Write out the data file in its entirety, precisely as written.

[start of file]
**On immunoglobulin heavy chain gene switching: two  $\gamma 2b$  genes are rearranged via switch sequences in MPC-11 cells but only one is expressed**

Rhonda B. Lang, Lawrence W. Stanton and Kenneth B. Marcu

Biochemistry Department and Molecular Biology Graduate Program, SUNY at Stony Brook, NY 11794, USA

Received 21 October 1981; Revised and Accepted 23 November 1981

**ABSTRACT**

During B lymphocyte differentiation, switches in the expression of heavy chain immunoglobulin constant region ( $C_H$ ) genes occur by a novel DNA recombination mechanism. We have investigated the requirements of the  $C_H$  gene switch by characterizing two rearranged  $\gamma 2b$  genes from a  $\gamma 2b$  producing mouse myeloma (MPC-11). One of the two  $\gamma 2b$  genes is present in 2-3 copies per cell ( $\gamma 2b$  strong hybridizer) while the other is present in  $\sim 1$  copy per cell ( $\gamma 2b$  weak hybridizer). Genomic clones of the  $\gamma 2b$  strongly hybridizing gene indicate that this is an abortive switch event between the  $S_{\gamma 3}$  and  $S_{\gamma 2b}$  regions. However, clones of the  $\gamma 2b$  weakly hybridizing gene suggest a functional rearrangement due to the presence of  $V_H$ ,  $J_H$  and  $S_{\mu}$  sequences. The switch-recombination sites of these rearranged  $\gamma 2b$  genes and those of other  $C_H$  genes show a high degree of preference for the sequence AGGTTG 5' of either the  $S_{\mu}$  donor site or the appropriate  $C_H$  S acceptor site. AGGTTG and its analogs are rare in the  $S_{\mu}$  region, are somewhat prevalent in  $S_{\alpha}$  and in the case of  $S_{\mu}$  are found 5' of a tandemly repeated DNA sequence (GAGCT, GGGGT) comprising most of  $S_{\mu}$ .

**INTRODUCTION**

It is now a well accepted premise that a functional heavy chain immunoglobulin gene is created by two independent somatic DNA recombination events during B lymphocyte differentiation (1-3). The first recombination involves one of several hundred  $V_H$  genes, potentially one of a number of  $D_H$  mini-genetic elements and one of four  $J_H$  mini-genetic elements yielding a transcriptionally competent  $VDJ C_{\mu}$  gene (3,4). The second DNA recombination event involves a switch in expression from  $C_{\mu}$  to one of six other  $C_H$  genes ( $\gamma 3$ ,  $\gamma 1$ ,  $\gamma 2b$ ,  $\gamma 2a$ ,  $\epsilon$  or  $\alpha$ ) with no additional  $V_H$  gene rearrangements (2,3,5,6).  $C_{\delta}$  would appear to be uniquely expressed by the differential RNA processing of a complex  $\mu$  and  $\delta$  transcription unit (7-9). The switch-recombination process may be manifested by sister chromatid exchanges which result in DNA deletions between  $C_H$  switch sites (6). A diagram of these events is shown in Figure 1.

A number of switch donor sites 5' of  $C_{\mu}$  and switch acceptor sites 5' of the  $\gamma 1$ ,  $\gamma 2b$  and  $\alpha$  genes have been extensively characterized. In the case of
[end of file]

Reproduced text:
**On immunoglobulin heavy chain gene switching: two  $\gamma 2b$  genes are rearranged via switch sequences in MPC-11 cells but only one is expressed**

Rhonda B. Lang, Lawrence W. Stanton and Kenneth B. Marcu

Biochemistry Department and Molecular Biology Graduate Program, SUNY at Stony Brook, NY 11794, USA

Received 21 October 1981; Revised and Accepted 23 November 1981

**ABSTRACT**

During B lymphocyte differentiation, switches in the expression of heavy chain immunoglobulin constant region ( $C_H$ ) genes occur by a novel DNA recombination mechanism. We have investigated the requirements of the  $C_H$  gene switch by characterizing two rearranged  $\gamma 2b$  genes from a  $\gamma 2b$  producing mouse myeloma (MPC-11). One of the two  $\gamma 2b$  genes is present in 2-3 copies per cell ( $\gamma 2b$  strong hybridizer) while the other is present in  $\sim 1$  copy per cell ( $\gamma 2b$  weak hybridizer). Genomic clones of the  $\gamma 2b$  strongly hybridizing gene indicate that this is an abortive switch event between the  $S_{\gamma 3}$  and  $S_{\gamma 2b}$  regions. However, clones of the  $\gamma 2b$  weakly hybridizing gene suggest a functional rearrangement due to the presence of  $V_H$ ,  $J_H$  and  $S_{\mu}$  sequences. The switch-recombination sites of these rearranged  $\gamma 2b$  genes and those of other  $C_H$  genes show a high degree of preference for the sequence AGGTTG 5' of either the  $S_{\mu}$  donor site or the appropriate  $C_H$  S acceptor site. AGGTTG and its analogs are rare in the  $S_{\mu}$  region, are somewhat prevalent in  $S_{\alpha}$  and in the case of  $S_{\mu}$  are found 5' of a tandemly repeated DNA sequence (GAGCT, GGGGT) comprising most of  $S_{\mu}$ .

**INTRODUCTION**

It is now a well accepted premise that a functional heavy chain immunoglobulin gene is created by two independent somatic DNA recombination events during B lymphocyte differentiation (1-3). The first recombination involves one of several hundred  $V_H$  genes, potentially one of a number of  $D_H$  mini-genetic elements and one of four  $J_H$  mini-genetic elements yielding a transcriptionally competent  $VDJ C_{\mu}$  gene (3,4). The second DNA recombination event involves a switch in expression from  $C_{\mu}$  to one of six other  $C_H$  genes ( $\gamma 3$ ,  $\gamma 1$ ,  $\gamma 2b$ ,  $\gamma 2a$ ,  $\epsilon$  or  $\alpha$ ) with no additional  $V_H$  gene rearrangements (2,3,5,6).  $C_{\delta}$  would appear to be uniquely expressed by the differential RNA processing of a complex  $\mu$  and  $\delta$  transcription unit (7-9). The switch-recombination process may be manifested by sister chromatid exchanges which result in DNA deletions between  $C_H$  switch sites (6). A diagram of these events is shown in Figure 1.

A number of switch donor sites 5' of  $C_{\mu}$  and switch acceptor sites 5' of the  $\gamma 1$ ,  $\gamma 2b$  and  $\alpha$  genes have been extensively characterized. In the case of